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Monthly economic indicator

Monthly Economic Indicators April 2017

Disclaimer:

The Treasury has made every effort to ensure that the information contained in this report is reliable, but makes no guarantee of its accuracy or completeness and does not accept any liability for any errors. The information and opinions contained in this report are not intended to be used as a basis for commercial decisions and the Treasury accepts no liability for any decisions made in reliance on them. The Treasury may change, add to, delete from, or otherwise amend the contents of this report at any time without notice.

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Executive Summary

  • Overall, recent data and business surveys point to economic expansion persisting at a solid pace in the March and June quarters
  • Annual consumer price inflation picked up to 2.2%, as underlying price pressures continue to build
  • Geopolitical risk creates market volatility with elections in Europe

Economic indicators released in April suggest the economy expanded at a reasonable pace in the first quarter of 2017 and that underlying momentum will persist into the second quarter. However, mixed readings from some indicators mean uncertainty around the outlook has increased. On the one hand, surveyed business activity continues to suggest growth momentum will persist in the March and June quarters, and Electronic Cards Transactions over the three months to March point to solid quarterly growth in private consumption. On the other hand, housing indicators suggest residential investment could be a drag on growth in the near term, which, in combination with waning business and consumer confidence, suggests annual growth is unlikely to accelerate significantly over the first half of 2017 from its current rate of around 3%.

Nominal GDP is poised to grow strongly as prices pick up. Annual consumer price inflation rose to 2.2% in the March quarter, above expectations and the highest reading since 2011, which reflected the October 2010 increase in the goods and services tax. However, large contributions from some items, chiefly fuel and food prices, are expected to drop out of the annual calculation in 2018. Commodity export prices also lifted, particularly for dairy, firming up the likelihood for a farmgate milk price of $6.00/kg MS (or slightly above) in the current season. Over the eight months to February 2017, core Crown tax revenue was 1% above that forecast in the Half Year Economic and Fiscal Update 2016, consistent with stronger nominal GDP.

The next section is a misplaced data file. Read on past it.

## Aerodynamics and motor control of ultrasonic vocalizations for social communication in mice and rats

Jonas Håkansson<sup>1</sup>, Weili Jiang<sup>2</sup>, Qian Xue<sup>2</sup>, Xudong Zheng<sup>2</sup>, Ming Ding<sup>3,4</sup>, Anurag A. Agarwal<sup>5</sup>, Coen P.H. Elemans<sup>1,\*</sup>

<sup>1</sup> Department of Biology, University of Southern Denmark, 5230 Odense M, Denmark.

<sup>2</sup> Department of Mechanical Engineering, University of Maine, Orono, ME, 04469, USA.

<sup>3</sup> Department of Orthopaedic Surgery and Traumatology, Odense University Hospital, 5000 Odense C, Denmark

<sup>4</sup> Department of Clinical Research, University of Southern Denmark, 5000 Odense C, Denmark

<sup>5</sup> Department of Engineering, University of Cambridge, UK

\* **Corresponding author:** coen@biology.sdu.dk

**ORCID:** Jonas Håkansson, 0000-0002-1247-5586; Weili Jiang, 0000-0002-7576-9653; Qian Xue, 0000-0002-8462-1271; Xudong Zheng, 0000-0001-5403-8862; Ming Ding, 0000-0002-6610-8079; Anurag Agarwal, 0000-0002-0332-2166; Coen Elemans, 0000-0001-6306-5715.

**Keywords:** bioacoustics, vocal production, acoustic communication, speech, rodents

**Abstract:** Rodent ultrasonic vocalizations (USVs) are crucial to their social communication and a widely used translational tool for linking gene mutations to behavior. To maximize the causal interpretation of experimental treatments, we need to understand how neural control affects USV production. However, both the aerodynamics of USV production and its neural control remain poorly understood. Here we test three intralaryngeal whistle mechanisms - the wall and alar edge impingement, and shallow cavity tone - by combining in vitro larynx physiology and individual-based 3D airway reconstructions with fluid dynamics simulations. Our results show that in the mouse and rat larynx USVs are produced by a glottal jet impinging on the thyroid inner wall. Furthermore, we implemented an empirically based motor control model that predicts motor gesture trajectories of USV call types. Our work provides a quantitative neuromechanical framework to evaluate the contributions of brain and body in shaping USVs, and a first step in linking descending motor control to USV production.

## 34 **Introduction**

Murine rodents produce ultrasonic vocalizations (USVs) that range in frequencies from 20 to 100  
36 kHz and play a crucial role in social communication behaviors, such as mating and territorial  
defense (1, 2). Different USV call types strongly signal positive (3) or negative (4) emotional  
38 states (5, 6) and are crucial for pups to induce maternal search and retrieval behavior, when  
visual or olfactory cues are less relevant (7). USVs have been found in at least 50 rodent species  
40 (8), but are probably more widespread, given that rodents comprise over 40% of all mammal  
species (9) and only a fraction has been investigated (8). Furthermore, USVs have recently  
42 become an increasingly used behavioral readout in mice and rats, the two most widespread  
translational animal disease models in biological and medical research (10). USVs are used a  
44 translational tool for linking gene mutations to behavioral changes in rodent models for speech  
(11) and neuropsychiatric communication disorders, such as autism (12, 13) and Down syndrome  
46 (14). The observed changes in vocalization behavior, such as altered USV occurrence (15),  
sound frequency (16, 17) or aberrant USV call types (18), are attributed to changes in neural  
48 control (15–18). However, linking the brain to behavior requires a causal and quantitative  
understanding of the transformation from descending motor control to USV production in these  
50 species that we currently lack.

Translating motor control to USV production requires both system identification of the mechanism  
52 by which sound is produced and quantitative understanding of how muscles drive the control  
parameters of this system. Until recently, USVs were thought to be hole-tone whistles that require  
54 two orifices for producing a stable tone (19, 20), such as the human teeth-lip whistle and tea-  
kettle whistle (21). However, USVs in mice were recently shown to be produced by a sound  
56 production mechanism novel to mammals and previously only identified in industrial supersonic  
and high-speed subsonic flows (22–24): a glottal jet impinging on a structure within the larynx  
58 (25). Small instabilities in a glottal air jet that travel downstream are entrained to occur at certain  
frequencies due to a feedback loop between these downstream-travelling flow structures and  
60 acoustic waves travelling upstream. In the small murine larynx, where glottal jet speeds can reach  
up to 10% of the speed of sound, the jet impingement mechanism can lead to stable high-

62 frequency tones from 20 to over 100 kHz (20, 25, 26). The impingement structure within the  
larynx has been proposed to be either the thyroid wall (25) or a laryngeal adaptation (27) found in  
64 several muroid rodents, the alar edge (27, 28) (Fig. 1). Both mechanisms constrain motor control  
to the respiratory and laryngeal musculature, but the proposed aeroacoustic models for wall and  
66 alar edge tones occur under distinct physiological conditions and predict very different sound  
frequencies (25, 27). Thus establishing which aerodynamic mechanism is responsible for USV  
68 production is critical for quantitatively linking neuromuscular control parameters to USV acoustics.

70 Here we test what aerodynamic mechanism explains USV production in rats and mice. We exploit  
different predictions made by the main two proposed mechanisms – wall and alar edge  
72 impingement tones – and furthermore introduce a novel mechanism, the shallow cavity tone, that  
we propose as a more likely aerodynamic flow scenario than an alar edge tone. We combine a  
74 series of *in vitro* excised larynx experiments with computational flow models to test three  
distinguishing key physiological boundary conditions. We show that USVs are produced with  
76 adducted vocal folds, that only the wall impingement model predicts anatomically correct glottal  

Early- to mid-April saw some volatility in financial markets, in particular markets adopted a ‘risk off’ stance. This was largely in response to growing geopolitical tension in Asia and parts of Europe and relatively weak economic data from the US including weak jobs growth for March. However, these market trends have largely reversed since the first round of the French election saw a market friendly result.

This month’s Special Topic, Illustrating Forecast Uncertainty, presents a set of fan charts that provide a quantitative visual assessment of uncertainty surrounding the Half Year Economic and Fiscal Update 2016 forecasts. Illustrating uncertainty around the outlook can help policy makers make more informed decisions by demonstrating that central forecasts are conditional on a set of key assumptions and judgements.

Analysis